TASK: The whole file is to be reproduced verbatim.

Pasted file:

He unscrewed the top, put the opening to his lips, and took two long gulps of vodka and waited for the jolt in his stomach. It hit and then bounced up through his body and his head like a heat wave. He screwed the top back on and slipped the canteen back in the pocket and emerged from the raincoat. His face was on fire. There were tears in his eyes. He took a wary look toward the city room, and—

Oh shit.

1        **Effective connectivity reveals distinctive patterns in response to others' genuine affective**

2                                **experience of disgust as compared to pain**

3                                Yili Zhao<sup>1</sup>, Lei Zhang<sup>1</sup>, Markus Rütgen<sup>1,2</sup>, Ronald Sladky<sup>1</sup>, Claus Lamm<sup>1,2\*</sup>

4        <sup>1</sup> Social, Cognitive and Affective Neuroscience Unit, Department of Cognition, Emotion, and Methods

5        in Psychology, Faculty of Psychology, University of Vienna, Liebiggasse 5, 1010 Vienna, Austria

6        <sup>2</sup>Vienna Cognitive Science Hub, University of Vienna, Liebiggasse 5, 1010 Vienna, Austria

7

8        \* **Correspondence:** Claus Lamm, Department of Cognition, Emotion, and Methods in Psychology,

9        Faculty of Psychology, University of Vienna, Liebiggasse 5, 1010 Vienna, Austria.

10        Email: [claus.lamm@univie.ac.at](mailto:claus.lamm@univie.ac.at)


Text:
He unscrewed the top, put the opening to his lips, and took two long gulps of vodka and waited for the jolt in his stomach. It hit and then bounced up through his body and his head like a heat wave. He screwed the top back on and slipped the canteen back in the pocket and emerged from the raincoat. His face was on fire. There were tears in his eyes. He took a wary look toward the city room, and—

Oh shit.

1        **Effective connectivity reveals distinctive patterns in response to others' genuine affective**

2                                **experience of disgust as compared to pain**

3                                Yili Zhao<sup>1</sup>, Lei Zhang<sup>1</sup>, Markus Rütgen<sup>1,2</sup>, Ronald Sladky<sup>1</sup>, Claus Lamm<sup>1,2\*</sup>

4        <sup>1</sup> Social, Cognitive and Affective Neuroscience Unit, Department of Cognition, Emotion, and Methods

5        in Psychology, Faculty of Psychology, University of Vienna, Liebiggasse 5, 1010 Vienna, Austria

6        <sup>2</sup>Vienna Cognitive Science Hub, University of Vienna, Liebiggasse 5, 1010 Vienna, Austria

7

8        \* **Correspondence:** Claus Lamm, Department of Cognition, Emotion, and Methods in Psychology,

9        Faculty of Psychology, University of Vienna, Liebiggasse 5, 1010 Vienna, Austria.

10        Email: [claus.lamm@univie.ac.at](mailto:claus.lamm@univie.ac.at)